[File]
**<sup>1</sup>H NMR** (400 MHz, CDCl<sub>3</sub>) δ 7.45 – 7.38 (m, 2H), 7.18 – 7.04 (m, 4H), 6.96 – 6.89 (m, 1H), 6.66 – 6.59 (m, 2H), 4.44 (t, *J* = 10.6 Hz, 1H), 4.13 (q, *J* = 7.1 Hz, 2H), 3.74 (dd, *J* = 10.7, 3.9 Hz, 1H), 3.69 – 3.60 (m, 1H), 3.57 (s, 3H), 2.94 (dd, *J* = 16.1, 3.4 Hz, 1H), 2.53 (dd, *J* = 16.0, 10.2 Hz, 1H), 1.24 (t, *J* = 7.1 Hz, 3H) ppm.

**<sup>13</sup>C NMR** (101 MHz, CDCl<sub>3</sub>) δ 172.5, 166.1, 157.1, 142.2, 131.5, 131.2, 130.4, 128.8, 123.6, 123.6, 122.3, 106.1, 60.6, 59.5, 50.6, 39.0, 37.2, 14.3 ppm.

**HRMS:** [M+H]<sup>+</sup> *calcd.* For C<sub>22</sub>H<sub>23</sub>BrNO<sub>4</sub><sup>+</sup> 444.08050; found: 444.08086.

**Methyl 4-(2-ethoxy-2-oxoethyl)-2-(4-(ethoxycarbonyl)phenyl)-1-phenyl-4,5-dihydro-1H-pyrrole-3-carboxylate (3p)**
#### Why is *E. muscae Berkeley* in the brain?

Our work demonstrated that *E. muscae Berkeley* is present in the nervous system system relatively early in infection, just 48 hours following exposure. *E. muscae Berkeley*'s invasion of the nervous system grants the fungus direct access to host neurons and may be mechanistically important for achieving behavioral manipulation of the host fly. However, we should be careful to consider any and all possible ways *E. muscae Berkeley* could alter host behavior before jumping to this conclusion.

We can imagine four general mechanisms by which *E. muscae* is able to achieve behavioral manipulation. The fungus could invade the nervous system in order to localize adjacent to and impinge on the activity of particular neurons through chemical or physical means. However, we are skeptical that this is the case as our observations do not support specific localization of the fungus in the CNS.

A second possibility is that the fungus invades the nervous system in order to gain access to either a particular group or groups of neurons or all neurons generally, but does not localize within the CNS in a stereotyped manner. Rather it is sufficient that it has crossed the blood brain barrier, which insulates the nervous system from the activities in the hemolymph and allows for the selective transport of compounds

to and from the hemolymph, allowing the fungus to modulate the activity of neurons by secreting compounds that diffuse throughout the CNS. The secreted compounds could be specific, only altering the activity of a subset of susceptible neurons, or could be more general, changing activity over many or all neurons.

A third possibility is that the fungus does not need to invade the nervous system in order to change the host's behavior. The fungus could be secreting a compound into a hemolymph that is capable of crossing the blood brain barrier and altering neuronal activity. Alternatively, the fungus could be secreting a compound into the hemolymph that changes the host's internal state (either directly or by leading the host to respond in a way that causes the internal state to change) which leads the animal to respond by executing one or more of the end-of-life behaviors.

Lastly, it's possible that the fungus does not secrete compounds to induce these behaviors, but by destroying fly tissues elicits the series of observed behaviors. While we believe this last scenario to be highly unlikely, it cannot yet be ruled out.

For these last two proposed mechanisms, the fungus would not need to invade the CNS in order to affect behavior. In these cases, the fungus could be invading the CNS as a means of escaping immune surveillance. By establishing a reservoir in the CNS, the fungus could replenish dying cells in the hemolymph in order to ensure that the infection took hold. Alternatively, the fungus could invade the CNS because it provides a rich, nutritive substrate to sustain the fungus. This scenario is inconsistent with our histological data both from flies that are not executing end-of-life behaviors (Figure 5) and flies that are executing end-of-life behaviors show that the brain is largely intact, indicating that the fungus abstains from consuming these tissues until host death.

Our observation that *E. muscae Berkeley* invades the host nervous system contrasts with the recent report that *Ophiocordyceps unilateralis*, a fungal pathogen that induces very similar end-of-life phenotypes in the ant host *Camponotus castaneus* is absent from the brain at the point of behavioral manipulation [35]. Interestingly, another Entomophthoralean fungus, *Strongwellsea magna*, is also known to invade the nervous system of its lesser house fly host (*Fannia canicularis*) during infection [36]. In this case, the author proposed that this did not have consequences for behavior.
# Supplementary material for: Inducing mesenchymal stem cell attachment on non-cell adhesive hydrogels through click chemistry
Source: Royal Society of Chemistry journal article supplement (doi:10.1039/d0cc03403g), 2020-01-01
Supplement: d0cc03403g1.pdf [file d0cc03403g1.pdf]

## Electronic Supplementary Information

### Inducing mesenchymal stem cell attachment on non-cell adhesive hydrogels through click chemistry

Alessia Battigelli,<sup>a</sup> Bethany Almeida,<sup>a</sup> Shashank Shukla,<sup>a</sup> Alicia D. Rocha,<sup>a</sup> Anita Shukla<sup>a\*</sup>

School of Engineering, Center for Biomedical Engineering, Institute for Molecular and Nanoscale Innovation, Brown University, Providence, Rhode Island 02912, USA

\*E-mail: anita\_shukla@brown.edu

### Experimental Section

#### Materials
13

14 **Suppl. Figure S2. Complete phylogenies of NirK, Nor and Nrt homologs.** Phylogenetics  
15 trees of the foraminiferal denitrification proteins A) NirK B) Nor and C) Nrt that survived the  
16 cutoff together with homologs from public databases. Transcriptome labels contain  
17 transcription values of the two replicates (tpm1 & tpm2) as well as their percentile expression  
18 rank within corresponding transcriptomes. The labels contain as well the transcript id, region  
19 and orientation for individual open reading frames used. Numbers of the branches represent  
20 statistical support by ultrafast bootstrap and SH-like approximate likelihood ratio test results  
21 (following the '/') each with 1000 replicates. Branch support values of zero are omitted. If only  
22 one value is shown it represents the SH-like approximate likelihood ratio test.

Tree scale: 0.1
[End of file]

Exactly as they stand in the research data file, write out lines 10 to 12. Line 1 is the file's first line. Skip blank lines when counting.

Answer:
A third possibility is that the fungus does not need to invade the nervous system in order to change the host's behavior. The fungus could be secreting a compound into a hemolymph that is capable of crossing the blood brain barrier and altering neuronal activity. Alternatively, the fungus could be secreting a compound into the hemolymph that changes the host's internal state (either directly or by leading the host to respond in a way that causes the internal state to change) which leads the animal to respond by executing one or more of the end-of-life behaviors.

Lastly, it's possible that the fungus does not secrete compounds to induce these behaviors, but by destroying fly tissues elicits the series of observed behaviors. While we believe this last scenario to be highly unlikely, it cannot yet be ruled out.

For these last two proposed mechanisms, the fungus would not need to invade the CNS in order to affect behavior. In these cases, the fungus could be invading the CNS as a means of escaping immune surveillance. By establishing a reservoir in the CNS, the fungus could replenish dying cells in the hemolymph in order to ensure that the infection took hold. Alternatively, the fungus could invade the CNS because it provides a rich, nutritive substrate to sustain the fungus. This scenario is inconsistent with our histological data both from flies that are not executing end-of-life behaviors (Figure 5) and flies that are executing end-of-life behaviors show that the brain is largely intact, indicating that the fungus abstains from consuming these tissues until host death.